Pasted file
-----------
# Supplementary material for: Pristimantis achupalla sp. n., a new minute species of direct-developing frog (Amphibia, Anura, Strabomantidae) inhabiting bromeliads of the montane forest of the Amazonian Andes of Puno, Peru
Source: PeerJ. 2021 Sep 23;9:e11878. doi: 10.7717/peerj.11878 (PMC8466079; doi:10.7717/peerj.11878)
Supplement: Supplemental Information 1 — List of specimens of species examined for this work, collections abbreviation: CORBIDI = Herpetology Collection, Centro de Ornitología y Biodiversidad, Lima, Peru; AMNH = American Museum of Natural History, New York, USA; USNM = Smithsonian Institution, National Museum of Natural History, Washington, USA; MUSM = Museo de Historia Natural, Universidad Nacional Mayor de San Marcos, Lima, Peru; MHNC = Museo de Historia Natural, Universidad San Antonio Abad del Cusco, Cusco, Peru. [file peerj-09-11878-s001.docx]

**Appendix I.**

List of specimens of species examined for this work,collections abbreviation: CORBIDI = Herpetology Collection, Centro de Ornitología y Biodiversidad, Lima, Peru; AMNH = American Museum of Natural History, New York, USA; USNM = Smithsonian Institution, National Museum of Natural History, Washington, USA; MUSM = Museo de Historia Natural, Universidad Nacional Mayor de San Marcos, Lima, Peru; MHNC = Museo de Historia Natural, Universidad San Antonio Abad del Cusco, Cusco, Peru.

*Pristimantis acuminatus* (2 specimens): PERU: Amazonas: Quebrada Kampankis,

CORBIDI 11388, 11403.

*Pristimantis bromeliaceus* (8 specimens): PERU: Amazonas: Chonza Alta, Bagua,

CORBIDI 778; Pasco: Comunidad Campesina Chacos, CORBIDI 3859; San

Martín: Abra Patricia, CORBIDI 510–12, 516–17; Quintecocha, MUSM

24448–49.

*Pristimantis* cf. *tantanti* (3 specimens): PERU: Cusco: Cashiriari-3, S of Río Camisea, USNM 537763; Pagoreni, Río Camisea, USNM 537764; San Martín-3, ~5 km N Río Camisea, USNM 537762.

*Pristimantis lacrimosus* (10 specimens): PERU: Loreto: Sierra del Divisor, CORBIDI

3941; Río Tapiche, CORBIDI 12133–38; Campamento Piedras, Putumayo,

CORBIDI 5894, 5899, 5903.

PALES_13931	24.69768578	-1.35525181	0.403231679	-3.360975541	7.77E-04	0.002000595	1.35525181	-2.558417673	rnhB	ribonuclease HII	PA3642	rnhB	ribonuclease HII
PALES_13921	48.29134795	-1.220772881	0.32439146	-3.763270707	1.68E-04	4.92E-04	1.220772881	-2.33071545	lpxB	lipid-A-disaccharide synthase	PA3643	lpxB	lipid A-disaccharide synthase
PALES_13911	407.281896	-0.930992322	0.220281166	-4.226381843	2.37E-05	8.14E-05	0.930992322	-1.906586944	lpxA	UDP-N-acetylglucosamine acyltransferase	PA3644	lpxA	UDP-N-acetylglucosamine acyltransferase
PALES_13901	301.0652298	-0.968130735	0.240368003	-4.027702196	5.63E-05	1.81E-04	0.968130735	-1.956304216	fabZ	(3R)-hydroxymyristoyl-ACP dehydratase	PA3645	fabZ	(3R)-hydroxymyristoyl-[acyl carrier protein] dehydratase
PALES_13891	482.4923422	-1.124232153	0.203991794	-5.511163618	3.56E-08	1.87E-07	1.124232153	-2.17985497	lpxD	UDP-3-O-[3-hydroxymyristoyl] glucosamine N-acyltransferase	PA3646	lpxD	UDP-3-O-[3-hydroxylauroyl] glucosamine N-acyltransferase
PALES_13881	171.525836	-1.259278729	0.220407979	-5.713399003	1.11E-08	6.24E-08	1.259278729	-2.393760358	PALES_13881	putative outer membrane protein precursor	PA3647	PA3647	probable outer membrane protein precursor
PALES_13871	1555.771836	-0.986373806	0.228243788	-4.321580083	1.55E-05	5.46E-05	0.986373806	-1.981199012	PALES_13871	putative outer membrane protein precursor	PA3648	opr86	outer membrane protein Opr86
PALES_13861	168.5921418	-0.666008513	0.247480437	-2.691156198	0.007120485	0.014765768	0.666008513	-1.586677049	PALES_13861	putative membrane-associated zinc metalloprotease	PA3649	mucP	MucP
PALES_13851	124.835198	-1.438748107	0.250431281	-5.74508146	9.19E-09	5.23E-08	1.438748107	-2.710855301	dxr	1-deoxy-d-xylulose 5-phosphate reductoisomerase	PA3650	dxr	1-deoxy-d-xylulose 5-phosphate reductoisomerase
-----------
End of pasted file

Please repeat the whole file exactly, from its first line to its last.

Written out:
# Supplementary material for: Pristimantis achupalla sp. n., a new minute species of direct-developing frog (Amphibia, Anura, Strabomantidae) inhabiting bromeliads of the montane forest of the Amazonian Andes of Puno, Peru
Source: PeerJ. 2021 Sep 23;9:e11878. doi: 10.7717/peerj.11878 (PMC8466079; doi:10.7717/peerj.11878)
Supplement: Supplemental Information 1 — List of specimens of species examined for this work, collections abbreviation: CORBIDI = Herpetology Collection, Centro de Ornitología y Biodiversidad, Lima, Peru; AMNH = American Museum of Natural History, New York, USA; USNM = Smithsonian Institution, National Museum of Natural History, Washington, USA; MUSM = Museo de Historia Natural, Universidad Nacional Mayor de San Marcos, Lima, Peru; MHNC = Museo de Historia Natural, Universidad San Antonio Abad del Cusco, Cusco, Peru. [file peerj-09-11878-s001.docx]

**Appendix I.**

List of specimens of species examined for this work,collections abbreviation: CORBIDI = Herpetology Collection, Centro de Ornitología y Biodiversidad, Lima, Peru; AMNH = American Museum of Natural History, New York, USA; USNM = Smithsonian Institution, National Museum of Natural History, Washington, USA; MUSM = Museo de Historia Natural, Universidad Nacional Mayor de San Marcos, Lima, Peru; MHNC = Museo de Historia Natural, Universidad San Antonio Abad del Cusco, Cusco, Peru.

*Pristimantis acuminatus* (2 specimens): PERU: Amazonas: Quebrada Kampankis,

CORBIDI 11388, 11403.

*Pristimantis bromeliaceus* (8 specimens): PERU: Amazonas: Chonza Alta, Bagua,

CORBIDI 778; Pasco: Comunidad Campesina Chacos, CORBIDI 3859; San

Martín: Abra Patricia, CORBIDI 510–12, 516–17; Quintecocha, MUSM

24448–49.

*Pristimantis* cf. *tantanti* (3 specimens): PERU: Cusco: Cashiriari-3, S of Río Camisea, USNM 537763; Pagoreni, Río Camisea, USNM 537764; San Martín-3, ~5 km N Río Camisea, USNM 537762.

*Pristimantis lacrimosus* (10 specimens): PERU: Loreto: Sierra del Divisor, CORBIDI

3941; Río Tapiche, CORBIDI 12133–38; Campamento Piedras, Putumayo,

CORBIDI 5894, 5899, 5903.

PALES_13931	24.69768578	-1.35525181	0.403231679	-3.360975541	7.77E-04	0.002000595	1.35525181	-2.558417673	rnhB	ribonuclease HII	PA3642	rnhB	ribonuclease HII
PALES_13921	48.29134795	-1.220772881	0.32439146	-3.763270707	1.68E-04	4.92E-04	1.220772881	-2.33071545	lpxB	lipid-A-disaccharide synthase	PA3643	lpxB	lipid A-disaccharide synthase
PALES_13911	407.281896	-0.930992322	0.220281166	-4.226381843	2.37E-05	8.14E-05	0.930992322	-1.906586944	lpxA	UDP-N-acetylglucosamine acyltransferase	PA3644	lpxA	UDP-N-acetylglucosamine acyltransferase
PALES_13901	301.0652298	-0.968130735	0.240368003	-4.027702196	5.63E-05	1.81E-04	0.968130735	-1.956304216	fabZ	(3R)-hydroxymyristoyl-ACP dehydratase	PA3645	fabZ	(3R)-hydroxymyristoyl-[acyl carrier protein] dehydratase
PALES_13891	482.4923422	-1.124232153	0.203991794	-5.511163618	3.56E-08	1.87E-07	1.124232153	-2.17985497	lpxD	UDP-3-O-[3-hydroxymyristoyl] glucosamine N-acyltransferase	PA3646	lpxD	UDP-3-O-[3-hydroxylauroyl] glucosamine N-acyltransferase
PALES_13881	171.525836	-1.259278729	0.220407979	-5.713399003	1.11E-08	6.24E-08	1.259278729	-2.393760358	PALES_13881	putative outer membrane protein precursor	PA3647	PA3647	probable outer membrane protein precursor
PALES_13871	1555.771836	-0.986373806	0.228243788	-4.321580083	1.55E-05	5.46E-05	0.986373806	-1.981199012	PALES_13871	putative outer membrane protein precursor	PA3648	opr86	outer membrane protein Opr86
PALES_13861	168.5921418	-0.666008513	0.247480437	-2.691156198	0.007120485	0.014765768	0.666008513	-1.586677049	PALES_13861	putative membrane-associated zinc metalloprotease	PA3649	mucP	MucP
PALES_13851	124.835198	-1.438748107	0.250431281	-5.74508146	9.19E-09	5.23E-08	1.438748107	-2.710855301	dxr	1-deoxy-d-xylulose 5-phosphate reductoisomerase	PA3650	dxr	1-deoxy-d-xylulose 5-phosphate reductoisomerase